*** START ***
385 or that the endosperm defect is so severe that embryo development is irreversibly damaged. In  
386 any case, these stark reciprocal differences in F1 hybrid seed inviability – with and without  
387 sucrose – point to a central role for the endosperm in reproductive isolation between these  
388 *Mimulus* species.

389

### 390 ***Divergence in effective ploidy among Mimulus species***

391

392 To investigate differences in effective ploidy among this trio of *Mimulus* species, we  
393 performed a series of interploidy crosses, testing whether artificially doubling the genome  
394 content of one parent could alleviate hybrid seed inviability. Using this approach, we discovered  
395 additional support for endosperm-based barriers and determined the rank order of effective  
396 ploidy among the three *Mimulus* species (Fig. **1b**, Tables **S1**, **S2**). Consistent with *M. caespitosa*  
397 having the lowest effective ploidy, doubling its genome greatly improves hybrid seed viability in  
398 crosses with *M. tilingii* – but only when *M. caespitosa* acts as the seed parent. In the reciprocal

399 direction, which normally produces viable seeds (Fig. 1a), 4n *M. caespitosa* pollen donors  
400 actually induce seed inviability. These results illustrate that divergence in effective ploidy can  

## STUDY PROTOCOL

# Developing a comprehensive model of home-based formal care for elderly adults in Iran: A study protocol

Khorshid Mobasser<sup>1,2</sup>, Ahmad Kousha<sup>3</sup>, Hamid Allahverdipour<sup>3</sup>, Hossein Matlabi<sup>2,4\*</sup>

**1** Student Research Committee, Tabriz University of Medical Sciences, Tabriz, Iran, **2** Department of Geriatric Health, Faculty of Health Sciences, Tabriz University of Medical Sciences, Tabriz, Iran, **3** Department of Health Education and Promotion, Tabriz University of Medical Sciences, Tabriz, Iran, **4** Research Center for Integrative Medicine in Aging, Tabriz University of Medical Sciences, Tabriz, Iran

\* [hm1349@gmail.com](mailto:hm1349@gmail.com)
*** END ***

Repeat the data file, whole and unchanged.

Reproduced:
385 or that the endosperm defect is so severe that embryo development is irreversibly damaged. In  
386 any case, these stark reciprocal differences in F1 hybrid seed inviability – with and without  
387 sucrose – point to a central role for the endosperm in reproductive isolation between these  
388 *Mimulus* species.

389

### 390 ***Divergence in effective ploidy among Mimulus species***

391

392 To investigate differences in effective ploidy among this trio of *Mimulus* species, we  
393 performed a series of interploidy crosses, testing whether artificially doubling the genome  
394 content of one parent could alleviate hybrid seed inviability. Using this approach, we discovered  
395 additional support for endosperm-based barriers and determined the rank order of effective  
396 ploidy among the three *Mimulus* species (Fig. **1b**, Tables **S1**, **S2**). Consistent with *M. caespitosa*  
397 having the lowest effective ploidy, doubling its genome greatly improves hybrid seed viability in  
398 crosses with *M. tilingii* – but only when *M. caespitosa* acts as the seed parent. In the reciprocal

399 direction, which normally produces viable seeds (Fig. 1a), 4n *M. caespitosa* pollen donors  
400 actually induce seed inviability. These results illustrate that divergence in effective ploidy can  

## STUDY PROTOCOL

# Developing a comprehensive model of home-based formal care for elderly adults in Iran: A study protocol

Khorshid Mobasser<sup>1,2</sup>, Ahmad Kousha<sup>3</sup>, Hamid Allahverdipour<sup>3</sup>, Hossein Matlabi<sup>2,4\*</sup>

**1** Student Research Committee, Tabriz University of Medical Sciences, Tabriz, Iran, **2** Department of Geriatric Health, Faculty of Health Sciences, Tabriz University of Medical Sciences, Tabriz, Iran, **3** Department of Health Education and Promotion, Tabriz University of Medical Sciences, Tabriz, Iran, **4** Research Center for Integrative Medicine in Aging, Tabriz University of Medical Sciences, Tabriz, Iran

\* [hm1349@gmail.com](mailto:hm1349@gmail.com)